By Lesley Warnes, Care Proceedings Case Manager,
Calderdale Metropolitan Borough Council.

The University of Huddersfield with partner agencies representing Calderdale MBC Adult and Children’s Services and Kirklees MBC Children’s Services held their ‘Skills Day’ event for the fourth successive year in October 2017.

I am proud to have been involved in this event again which has gone from strength to strength. Students have given consistent feedback over the years about the value of such an event, which although could be regarded as resource heavy, pays great dividends.

The event is targeted at final year, BSc and MSC student Social Workers on final placement. During the term, the students have got to know a fictitious family based upon the notion of think whole family and their circumstances whist studying theoretical models of child and adult safeguarding and associated principles of legislation and social policy. The scenario has been developed by partner agencies to provoke argument and debate with an overarching objective of consolidating skills, knowledge, theory, practice and legal literacy


The event brings together an emerging situation when the police have exercised their powers of protection to remove a 3yr old and a 15yr old from their mother’s house after allegations of a physical altercation between the 15yr old and the mother’s partner. The 15yr old is subject to an SGO to her Maternal Grandparents who have deteriorating ill health. This is after a period of escalating concern in respect of the 15yr old that has been missing education and is considered to be at risk of CSE. The 3yr old is showing signs of neglect. The mother is pregnant with her new partner’s child. He is an asylum seeker and their relationship is characterised by alcohol misuse and violence. The Local Authority is on the verge of convening an Initial Child Protection Case Conference when events overtake. The police arrive to find the 15yr old with injuries and the 3yr old dirty, hungry and rocking whilst staring at his bedroom wall. The 3yr old is removed to foster care and the 15yr old into a residential placement. The court hearing is in 3 days’ time.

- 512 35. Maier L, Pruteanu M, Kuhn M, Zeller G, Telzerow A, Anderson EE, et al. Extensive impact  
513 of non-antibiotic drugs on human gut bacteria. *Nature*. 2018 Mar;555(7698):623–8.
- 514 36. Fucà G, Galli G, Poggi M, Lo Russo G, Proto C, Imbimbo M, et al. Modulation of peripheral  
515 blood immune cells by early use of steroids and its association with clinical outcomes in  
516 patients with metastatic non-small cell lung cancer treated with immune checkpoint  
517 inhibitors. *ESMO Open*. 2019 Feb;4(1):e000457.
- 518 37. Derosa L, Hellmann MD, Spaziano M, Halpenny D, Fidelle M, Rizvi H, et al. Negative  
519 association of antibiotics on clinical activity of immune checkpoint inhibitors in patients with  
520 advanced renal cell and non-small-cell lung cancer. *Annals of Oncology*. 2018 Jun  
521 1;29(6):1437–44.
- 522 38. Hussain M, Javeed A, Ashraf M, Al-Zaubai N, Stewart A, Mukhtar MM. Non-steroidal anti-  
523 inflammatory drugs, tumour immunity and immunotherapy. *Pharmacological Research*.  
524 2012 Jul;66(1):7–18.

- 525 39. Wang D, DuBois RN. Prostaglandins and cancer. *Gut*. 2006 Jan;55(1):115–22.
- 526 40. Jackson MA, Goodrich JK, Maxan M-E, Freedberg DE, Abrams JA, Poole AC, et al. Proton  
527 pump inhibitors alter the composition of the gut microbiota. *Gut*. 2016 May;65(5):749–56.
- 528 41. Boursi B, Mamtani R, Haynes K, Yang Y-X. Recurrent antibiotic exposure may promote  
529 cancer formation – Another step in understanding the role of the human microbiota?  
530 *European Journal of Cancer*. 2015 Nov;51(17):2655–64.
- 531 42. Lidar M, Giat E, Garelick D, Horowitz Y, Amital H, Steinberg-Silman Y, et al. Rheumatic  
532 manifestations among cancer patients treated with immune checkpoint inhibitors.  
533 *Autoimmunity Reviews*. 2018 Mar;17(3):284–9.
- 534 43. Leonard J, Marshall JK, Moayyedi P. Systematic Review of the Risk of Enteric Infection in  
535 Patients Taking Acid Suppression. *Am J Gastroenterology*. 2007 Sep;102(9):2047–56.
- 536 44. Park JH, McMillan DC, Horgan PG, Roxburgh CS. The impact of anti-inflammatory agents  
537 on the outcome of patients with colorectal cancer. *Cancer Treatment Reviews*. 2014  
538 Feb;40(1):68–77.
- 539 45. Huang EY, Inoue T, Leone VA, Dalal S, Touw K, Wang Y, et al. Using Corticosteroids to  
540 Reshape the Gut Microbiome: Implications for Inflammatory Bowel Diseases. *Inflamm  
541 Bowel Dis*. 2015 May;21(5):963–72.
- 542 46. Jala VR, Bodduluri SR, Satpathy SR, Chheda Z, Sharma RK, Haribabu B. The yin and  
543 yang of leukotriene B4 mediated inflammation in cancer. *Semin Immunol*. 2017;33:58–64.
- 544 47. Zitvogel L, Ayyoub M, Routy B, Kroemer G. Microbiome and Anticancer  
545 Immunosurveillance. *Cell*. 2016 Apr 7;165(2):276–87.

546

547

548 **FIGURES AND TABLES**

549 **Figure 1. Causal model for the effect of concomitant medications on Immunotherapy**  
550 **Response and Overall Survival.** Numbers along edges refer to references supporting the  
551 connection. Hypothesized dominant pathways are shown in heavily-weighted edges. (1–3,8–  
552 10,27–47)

The students are divided into three groups and each group rotates around three sets of practical simulations. Each simulation lasting approximately one hour and is presented as authentically as time will allow

  1. Breaking bad news to the parent – the decision to remove the children
  2. Direct work with the children about their change in circumstances
  3. The court room – Contested Interim Care Order Application, cross examination by the Mother’s lawyer.

Roles are carried out by the University staff and partner agencies, whilst the students all take turns to play the allocated Social Worker in the case throughout the three workshops.

It has taken some time to get to where we are and to get the balance about right, but it felt that the event this year was an even greater success and was truly well received.

Next Steps

The follow up event will take place in April 2018 when it is intended to follow through the legal proceedings to a final hearing. Additional partner agencies have confirmed their willingness to be involved in the April event. These include a representative from HMCTS, potentially a local District Judge, a barrister from Zenith Chambers in Leeds as well as those already mentioned.

This will be the second time that the follow up event will take place building on the experience in early 2017 which included Jenny Molloy (The Hackney Child), barristers from Chambers in the Bristol area, University of Huddersfield staff , Calderdale MBC and Kirklees Council representatives.